A Simply stunning Art Deco ring c.1935 featuring a wonderful Unheated 1.95ct Burma Blue Sapphire from the famed gem mines of Mogok in Burma (Myanmar). The colour of this magnificent gemstone is an almost pure hue of blue, absolutely gorgeous! Bear in mind that the light in Chicago, as an example, may not be so bright this time of year! Clarity is extremely good for the gem genre and this is a bright and vibrant stone, as evidenced in the pics. The gem is not quite eye clean but overall clarity is *excellent* for the gem genre. Note however that we are using a macro lens and this is barely visible with the naked eye. Cutting is good and the stone has a decent face for its weight, without major windowing. The cut is slightly asymmetrical. Lustre and brilliancy are both wonderful, and this is an extremely vibrant gem indeed. The diamonds total 0.30ct and are clean and white. The metal is 10% iridium 90% platinum, indistinctly stamped in the shank, and diagnostic of the jewel’s age. The ring has numerous tiny scratches commensurate with its age and unpolished state. Size 6.75. The stone comes complete with a certificate from GIA as attached, evidencing colour blue, origin Myanmar, no treatment.
The base designed as an openwork scrolling bandeau, set with old-cut diamonds, applied with five sapphire and diamond graduated clusters, the detachable surmount of scalloped design, set with old-cut diamonds and with pear-shaped sapphire accents, adapted, inner circumference 22.0 cm
The exact origins of these jewels is extremely difficult to establish. They first appeared at auction at Christie’s London, on the 12th of July 1961. The catalogue then described: “An historic sapphire and diamond suite made for the empress Marie Louise and lastly owned by the duchess of Habsburg-Lothringen”. The suite at the time was composed of a rather ornate necklace, a bracelet, a small tiara and three brooches in the form of fleur-de-lis. The fleur-de-lis were mentioned as being originally part of the tiara. The very detailed and precise provenance described in the catalogue, which was not so common at the time, shows the factual information gathered at the time through the consignor and gives us the beginning of an explanation.
To know more about this provenance, one has to understand who were the Habsburg-Lothringen, a name that refers to the dynasty which ruled Austria, Hungary, Slovenia and Bohemia for centuries. This branch had been founded in 1736 by Empress Maria-Theresa (1717-1780), born a Habsburg, through her wedding with Francis, Duke of Lorraine (1708-1765) (Lothringen in german).
Empress Marie-Louise (1791-1847), second wife of Emperor Napoleon, was indeed born to the Habsburg-Lothringen family. After the collapse of the French Empire and the exile of her husband, she went back to her native land, Austria, and stayed in Vienna, in her father’s home, for two years before moving again to Italy. While in Vienna, she left the personal jewels she had taken with her in the Royal Palace, and some of them ended up being bequeathed to her Habsburg-Lothrigen relatives after her death in 1847.
The jewels as they exist today clearly do not date from Empress Marie-Louise’s era, which is the beginning of the 19th century. It is more likely that they were made after her death, using some of her sapphires and diamonds left in Vienna, maybe at the request of ‘Kaiser Franz Joseph’ or ‘his brother’, as mentioned in the 1961 catalogue. Considering the original suite sold in 1961, including a very interesting mix of two Lilies of France brooches and one Florentine Lily brooch, one can think they were created on the occasion of a wedding between a member of the Bourbon dynasty from France, Parma of Two-Sicilies (which emblem was the French fleur-de-lis), and a member of the Toscana branch of the Hasburg family (which emblem was the Florentine fleur-de-lis)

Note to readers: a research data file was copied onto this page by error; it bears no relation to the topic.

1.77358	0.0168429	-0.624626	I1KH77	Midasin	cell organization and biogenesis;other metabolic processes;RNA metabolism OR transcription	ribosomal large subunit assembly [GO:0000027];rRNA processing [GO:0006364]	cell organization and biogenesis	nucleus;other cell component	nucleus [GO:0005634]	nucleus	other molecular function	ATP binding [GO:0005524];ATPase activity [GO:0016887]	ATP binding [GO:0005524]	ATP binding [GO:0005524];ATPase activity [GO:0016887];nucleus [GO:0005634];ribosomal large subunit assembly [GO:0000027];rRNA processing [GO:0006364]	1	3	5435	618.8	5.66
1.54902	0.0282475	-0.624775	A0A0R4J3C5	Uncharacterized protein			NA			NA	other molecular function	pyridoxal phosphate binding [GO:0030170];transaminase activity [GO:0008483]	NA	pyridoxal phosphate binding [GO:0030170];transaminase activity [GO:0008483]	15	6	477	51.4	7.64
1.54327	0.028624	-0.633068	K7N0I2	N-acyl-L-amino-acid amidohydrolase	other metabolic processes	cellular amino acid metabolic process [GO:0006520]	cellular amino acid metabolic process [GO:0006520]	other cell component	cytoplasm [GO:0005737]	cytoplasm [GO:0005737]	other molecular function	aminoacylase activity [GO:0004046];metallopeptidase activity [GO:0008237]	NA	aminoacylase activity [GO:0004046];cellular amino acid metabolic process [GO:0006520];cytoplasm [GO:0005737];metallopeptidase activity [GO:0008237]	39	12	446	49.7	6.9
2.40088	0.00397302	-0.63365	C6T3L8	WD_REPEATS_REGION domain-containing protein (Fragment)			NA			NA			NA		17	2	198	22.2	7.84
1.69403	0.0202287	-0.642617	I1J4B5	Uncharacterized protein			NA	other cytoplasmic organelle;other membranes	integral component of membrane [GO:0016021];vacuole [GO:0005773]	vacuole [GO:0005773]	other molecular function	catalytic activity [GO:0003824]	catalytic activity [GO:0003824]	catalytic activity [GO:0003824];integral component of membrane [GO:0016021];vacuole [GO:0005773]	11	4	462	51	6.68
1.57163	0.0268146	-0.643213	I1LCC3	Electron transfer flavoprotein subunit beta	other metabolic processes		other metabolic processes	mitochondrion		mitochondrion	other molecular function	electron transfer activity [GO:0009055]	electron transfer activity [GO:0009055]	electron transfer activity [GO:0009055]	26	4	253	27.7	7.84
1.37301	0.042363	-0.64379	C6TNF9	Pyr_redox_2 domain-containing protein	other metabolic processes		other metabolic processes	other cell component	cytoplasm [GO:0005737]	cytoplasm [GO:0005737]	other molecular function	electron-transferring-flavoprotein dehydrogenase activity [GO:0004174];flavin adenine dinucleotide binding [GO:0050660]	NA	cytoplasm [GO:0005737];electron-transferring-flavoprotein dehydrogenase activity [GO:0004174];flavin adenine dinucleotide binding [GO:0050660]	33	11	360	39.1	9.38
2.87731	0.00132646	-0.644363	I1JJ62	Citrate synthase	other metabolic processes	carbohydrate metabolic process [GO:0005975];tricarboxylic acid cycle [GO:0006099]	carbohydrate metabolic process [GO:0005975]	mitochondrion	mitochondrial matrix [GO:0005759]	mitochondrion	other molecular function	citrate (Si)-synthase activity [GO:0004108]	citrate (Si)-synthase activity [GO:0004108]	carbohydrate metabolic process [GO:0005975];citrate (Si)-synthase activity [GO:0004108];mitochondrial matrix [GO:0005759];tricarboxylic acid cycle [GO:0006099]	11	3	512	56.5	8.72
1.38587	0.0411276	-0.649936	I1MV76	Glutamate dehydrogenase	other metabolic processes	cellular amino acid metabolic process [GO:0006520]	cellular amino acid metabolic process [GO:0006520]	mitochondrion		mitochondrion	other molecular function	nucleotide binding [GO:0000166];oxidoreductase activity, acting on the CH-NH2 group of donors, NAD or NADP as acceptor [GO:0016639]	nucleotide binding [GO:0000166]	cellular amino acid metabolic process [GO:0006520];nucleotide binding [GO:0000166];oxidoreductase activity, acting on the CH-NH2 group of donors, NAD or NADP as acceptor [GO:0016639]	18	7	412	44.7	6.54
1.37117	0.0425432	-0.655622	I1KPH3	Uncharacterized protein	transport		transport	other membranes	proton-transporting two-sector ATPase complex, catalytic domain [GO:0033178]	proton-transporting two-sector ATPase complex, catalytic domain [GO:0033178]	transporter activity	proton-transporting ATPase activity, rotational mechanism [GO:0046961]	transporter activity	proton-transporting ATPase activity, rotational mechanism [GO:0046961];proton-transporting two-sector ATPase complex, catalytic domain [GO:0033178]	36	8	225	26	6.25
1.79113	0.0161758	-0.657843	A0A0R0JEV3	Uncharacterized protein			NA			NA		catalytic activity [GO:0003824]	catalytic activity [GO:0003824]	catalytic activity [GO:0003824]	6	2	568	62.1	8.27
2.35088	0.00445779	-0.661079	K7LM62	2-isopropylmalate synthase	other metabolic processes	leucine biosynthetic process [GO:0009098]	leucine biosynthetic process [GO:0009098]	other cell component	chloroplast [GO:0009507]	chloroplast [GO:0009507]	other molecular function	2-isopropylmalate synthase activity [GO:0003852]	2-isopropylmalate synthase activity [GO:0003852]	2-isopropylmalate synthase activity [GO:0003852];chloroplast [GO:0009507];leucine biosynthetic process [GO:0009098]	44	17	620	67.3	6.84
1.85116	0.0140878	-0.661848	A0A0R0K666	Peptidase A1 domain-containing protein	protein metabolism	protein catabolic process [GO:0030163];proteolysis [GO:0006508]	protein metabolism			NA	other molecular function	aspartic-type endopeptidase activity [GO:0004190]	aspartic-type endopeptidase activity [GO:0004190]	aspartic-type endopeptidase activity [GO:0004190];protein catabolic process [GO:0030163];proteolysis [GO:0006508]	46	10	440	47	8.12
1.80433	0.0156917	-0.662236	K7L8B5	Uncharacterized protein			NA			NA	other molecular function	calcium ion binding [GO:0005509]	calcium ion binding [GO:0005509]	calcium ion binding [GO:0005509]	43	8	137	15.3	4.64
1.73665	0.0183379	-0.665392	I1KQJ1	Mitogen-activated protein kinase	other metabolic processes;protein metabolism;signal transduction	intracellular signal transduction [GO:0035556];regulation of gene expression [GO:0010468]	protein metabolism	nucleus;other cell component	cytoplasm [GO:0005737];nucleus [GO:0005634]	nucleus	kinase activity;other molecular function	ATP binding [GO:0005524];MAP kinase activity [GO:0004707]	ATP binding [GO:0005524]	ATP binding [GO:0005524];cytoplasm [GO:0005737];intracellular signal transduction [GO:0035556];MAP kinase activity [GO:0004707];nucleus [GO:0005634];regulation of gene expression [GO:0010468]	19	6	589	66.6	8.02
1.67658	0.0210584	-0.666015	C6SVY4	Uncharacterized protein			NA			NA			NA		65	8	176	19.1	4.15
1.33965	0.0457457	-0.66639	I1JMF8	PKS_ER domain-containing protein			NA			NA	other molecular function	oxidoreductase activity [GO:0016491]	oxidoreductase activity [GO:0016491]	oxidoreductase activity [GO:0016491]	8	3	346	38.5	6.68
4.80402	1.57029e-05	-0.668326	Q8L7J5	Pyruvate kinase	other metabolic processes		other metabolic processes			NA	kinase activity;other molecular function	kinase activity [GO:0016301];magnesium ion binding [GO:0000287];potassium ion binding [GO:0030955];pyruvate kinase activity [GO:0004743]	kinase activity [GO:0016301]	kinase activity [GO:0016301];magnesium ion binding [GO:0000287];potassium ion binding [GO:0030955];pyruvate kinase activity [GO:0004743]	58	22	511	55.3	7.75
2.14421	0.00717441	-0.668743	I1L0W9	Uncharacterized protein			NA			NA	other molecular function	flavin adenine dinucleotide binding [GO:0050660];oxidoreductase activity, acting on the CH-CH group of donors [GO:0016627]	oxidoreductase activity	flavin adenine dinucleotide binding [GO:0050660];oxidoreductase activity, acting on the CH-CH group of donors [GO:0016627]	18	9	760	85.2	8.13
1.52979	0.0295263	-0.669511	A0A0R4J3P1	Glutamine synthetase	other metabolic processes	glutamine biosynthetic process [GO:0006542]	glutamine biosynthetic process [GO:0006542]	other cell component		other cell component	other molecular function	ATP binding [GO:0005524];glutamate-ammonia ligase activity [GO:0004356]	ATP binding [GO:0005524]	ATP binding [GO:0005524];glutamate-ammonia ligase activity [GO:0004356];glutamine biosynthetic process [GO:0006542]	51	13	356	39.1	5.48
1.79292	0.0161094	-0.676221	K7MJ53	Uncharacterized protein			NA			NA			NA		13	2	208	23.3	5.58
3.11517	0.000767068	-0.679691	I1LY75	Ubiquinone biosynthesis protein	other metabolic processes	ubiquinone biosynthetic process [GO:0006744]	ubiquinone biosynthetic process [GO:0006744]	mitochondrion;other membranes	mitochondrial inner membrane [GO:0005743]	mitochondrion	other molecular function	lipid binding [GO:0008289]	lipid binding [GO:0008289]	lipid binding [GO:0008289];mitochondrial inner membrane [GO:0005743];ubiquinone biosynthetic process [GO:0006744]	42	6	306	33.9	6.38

As there were quite a few of these wedlocks during the 19th century, it is unsure which one was at the origin of the present jewels, but it was obviously one that was also very close to the Imperial family of Austria. As a possibility, in 1861, Archduke Karl Salvator of Habsburg-Toscana married Princess Immaculata of Bourbon-Two Sicilies. Some of their descendants wear the title of Duke and Duchess of Habsburg-Lothringen, and might well have been the last noble owners of this Imperial suite.
18k Gold Necklace/Chocker Absolutely Stunning Piece of Jewelry contains: Pearls , 46 Square Rubies , 0ne Large Cabochon Sapphire, 32 Round Diamonds The Necklace is adjustable and stretches to bigger neck size . Length 14″ plus can be adjust to 5″ more. The Width 0.75
A stunning necklace featuring a 30.16 oval sapphire in the center. The sapphire is certified by GRS Lab, stating that it’s a natural gemstone of Sri Lanka origin with the indication of heat. The necklace is embellished with 6 smaller oval sapphires on the sides, an oval sapphire clasp and circular and marquise diamonds. The total weight of diamonds is 100 carats. The diamonds are not certified and are equivalent to F-G-H colors, VS clarity. An appraisal is available upon request. The setting is made in 18k white gold.
Up for sale is a pair of estate sapphire & diamond earrings.
These earrings are made of 18K white gold.
These earrings feature large size sapphires with strong blue color. The sapphires have diamond rows around them and the earrings have a star like design.
The sapphires weigh approximately 6.0 carats; they have dark blue color and natural inclusions showing. They could be untreated.
The diamonds weigh approximately 3.50 carats; they are G to H color and VS clarity.
This estate pair is in good condition.
Each earring measures 19.6 x 18.2mm (0.77 x 0.71 inch).
The weight of these earrings is 15.2 grams.